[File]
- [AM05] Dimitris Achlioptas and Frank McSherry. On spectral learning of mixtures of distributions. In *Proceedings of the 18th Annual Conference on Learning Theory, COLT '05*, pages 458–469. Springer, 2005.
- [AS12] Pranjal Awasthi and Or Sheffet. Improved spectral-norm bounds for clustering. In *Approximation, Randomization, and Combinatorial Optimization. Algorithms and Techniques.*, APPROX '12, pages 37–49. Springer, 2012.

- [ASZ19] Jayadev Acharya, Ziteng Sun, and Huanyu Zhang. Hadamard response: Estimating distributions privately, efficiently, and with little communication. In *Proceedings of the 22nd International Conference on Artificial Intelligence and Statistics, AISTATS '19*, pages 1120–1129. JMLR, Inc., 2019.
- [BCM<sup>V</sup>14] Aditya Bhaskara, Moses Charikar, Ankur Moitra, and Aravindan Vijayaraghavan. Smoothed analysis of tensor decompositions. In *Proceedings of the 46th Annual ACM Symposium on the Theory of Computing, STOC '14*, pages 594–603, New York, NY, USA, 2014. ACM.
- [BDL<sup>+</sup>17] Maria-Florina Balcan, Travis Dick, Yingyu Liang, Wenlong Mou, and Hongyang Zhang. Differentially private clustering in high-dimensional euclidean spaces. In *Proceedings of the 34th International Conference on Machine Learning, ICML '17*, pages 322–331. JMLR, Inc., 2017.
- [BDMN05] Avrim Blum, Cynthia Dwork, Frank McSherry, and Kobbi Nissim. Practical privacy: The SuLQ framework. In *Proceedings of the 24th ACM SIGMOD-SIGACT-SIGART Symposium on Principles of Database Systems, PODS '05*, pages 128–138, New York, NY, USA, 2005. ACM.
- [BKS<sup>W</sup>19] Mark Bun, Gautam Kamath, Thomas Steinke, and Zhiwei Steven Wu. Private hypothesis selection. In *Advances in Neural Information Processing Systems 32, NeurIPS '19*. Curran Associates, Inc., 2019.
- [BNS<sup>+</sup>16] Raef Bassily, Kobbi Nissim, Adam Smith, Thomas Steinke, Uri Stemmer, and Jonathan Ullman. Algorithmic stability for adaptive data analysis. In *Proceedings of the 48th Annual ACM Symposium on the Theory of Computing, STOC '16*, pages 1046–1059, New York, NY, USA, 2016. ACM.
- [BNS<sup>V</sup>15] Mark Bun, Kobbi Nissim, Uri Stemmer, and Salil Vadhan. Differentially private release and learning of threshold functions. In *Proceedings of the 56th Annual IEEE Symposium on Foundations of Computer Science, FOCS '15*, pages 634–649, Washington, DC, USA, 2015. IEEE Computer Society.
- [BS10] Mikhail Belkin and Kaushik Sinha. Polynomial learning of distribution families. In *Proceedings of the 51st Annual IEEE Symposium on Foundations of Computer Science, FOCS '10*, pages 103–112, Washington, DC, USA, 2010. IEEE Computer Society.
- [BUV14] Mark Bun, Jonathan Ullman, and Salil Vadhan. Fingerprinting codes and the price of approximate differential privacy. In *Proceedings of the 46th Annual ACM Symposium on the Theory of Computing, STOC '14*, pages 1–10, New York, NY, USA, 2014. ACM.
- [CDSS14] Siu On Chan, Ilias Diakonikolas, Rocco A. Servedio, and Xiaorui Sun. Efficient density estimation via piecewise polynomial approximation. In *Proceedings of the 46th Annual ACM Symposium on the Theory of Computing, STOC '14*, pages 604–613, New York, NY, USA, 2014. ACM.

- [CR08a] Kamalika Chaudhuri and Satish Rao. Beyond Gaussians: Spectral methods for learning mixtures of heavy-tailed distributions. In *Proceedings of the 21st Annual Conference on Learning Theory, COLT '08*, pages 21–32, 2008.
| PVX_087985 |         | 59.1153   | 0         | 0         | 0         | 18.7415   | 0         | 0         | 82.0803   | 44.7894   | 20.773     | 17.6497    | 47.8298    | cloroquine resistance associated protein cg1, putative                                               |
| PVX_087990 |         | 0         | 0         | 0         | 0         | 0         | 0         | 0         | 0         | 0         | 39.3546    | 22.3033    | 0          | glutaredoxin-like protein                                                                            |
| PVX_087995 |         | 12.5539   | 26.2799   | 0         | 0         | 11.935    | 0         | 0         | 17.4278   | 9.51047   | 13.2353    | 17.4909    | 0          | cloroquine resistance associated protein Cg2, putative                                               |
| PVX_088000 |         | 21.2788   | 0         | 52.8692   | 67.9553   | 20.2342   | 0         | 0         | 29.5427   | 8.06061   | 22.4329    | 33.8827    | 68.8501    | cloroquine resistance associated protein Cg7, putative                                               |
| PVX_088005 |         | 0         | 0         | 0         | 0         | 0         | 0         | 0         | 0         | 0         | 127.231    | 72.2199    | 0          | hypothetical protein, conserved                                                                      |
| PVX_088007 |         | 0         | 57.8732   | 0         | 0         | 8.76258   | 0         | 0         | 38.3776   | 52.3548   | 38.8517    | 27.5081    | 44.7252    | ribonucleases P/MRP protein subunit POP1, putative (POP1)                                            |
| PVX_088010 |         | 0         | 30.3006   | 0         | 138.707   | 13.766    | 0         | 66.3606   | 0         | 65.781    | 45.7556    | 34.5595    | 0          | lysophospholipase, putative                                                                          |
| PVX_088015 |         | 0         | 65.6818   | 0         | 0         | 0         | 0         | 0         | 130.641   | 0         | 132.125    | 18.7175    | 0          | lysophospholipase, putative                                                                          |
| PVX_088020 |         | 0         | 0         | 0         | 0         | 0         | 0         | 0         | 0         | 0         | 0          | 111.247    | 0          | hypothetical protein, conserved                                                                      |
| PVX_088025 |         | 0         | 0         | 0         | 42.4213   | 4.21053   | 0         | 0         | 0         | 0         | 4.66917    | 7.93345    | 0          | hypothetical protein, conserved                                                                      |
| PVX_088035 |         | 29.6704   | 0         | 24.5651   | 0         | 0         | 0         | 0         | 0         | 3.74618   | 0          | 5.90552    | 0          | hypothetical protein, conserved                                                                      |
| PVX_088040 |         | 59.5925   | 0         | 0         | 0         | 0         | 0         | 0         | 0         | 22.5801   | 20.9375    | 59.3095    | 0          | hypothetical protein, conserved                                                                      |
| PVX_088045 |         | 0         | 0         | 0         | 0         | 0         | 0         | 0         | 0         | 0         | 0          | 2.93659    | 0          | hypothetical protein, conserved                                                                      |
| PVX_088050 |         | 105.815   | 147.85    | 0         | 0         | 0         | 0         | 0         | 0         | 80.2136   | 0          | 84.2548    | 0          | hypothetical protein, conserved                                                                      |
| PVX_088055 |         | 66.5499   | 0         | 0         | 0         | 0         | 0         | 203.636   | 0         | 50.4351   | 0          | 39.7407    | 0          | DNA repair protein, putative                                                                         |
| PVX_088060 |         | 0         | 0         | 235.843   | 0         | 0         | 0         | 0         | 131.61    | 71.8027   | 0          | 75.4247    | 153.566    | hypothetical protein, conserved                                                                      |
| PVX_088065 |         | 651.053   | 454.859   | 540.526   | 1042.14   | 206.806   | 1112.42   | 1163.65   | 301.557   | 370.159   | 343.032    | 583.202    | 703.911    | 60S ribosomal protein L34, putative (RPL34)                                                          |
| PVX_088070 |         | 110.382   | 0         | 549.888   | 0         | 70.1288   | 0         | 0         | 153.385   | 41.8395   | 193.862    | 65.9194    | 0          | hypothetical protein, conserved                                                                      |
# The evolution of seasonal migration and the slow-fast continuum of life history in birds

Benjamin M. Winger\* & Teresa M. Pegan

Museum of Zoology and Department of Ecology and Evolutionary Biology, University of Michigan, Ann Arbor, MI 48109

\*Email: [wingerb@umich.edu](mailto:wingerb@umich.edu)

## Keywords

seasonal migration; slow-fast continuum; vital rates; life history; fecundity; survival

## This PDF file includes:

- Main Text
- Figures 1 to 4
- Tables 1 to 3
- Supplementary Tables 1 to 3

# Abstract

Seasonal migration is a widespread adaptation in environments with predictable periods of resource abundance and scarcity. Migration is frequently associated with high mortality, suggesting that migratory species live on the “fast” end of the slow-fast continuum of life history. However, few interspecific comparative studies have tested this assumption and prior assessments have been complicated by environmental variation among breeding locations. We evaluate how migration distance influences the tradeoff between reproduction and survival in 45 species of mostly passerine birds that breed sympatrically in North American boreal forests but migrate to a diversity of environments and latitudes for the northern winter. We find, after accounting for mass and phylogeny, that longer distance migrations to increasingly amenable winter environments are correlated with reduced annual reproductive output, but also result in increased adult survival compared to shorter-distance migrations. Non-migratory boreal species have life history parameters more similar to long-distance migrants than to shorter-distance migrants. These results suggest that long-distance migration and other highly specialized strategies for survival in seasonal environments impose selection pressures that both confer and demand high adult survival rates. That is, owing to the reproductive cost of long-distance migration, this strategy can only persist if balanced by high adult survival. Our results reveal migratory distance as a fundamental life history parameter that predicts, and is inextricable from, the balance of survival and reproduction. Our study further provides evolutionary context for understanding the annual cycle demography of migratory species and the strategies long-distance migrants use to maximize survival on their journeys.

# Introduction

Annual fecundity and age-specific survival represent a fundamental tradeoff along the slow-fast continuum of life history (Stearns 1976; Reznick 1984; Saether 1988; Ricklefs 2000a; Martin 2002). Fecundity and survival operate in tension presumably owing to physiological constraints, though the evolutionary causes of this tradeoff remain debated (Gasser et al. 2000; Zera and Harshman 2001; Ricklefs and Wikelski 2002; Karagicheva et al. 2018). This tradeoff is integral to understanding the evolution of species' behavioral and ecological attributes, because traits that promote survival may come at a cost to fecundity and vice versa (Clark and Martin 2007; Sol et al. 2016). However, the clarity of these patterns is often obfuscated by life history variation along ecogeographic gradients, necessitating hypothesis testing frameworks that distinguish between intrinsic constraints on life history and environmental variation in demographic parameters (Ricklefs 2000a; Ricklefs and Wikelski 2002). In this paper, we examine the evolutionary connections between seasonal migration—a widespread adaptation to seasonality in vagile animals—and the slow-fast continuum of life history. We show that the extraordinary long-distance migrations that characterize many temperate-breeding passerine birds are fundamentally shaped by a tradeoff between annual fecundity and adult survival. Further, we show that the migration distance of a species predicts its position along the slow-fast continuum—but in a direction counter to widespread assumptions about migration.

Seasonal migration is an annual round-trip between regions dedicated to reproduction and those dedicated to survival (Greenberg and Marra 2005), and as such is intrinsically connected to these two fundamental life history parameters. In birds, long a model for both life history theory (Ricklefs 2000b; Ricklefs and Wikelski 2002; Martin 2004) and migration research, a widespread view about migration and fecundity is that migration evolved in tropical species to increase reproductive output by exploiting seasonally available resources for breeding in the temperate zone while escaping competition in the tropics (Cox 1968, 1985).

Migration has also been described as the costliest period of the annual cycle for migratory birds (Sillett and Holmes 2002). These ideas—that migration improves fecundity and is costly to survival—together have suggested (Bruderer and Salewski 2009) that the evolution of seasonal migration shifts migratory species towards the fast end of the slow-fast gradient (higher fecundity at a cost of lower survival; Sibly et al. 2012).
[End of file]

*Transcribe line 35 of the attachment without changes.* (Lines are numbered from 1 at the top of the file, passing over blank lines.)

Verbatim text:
\*Email: [wingerb@umich.edu](mailto:wingerb@umich.edu)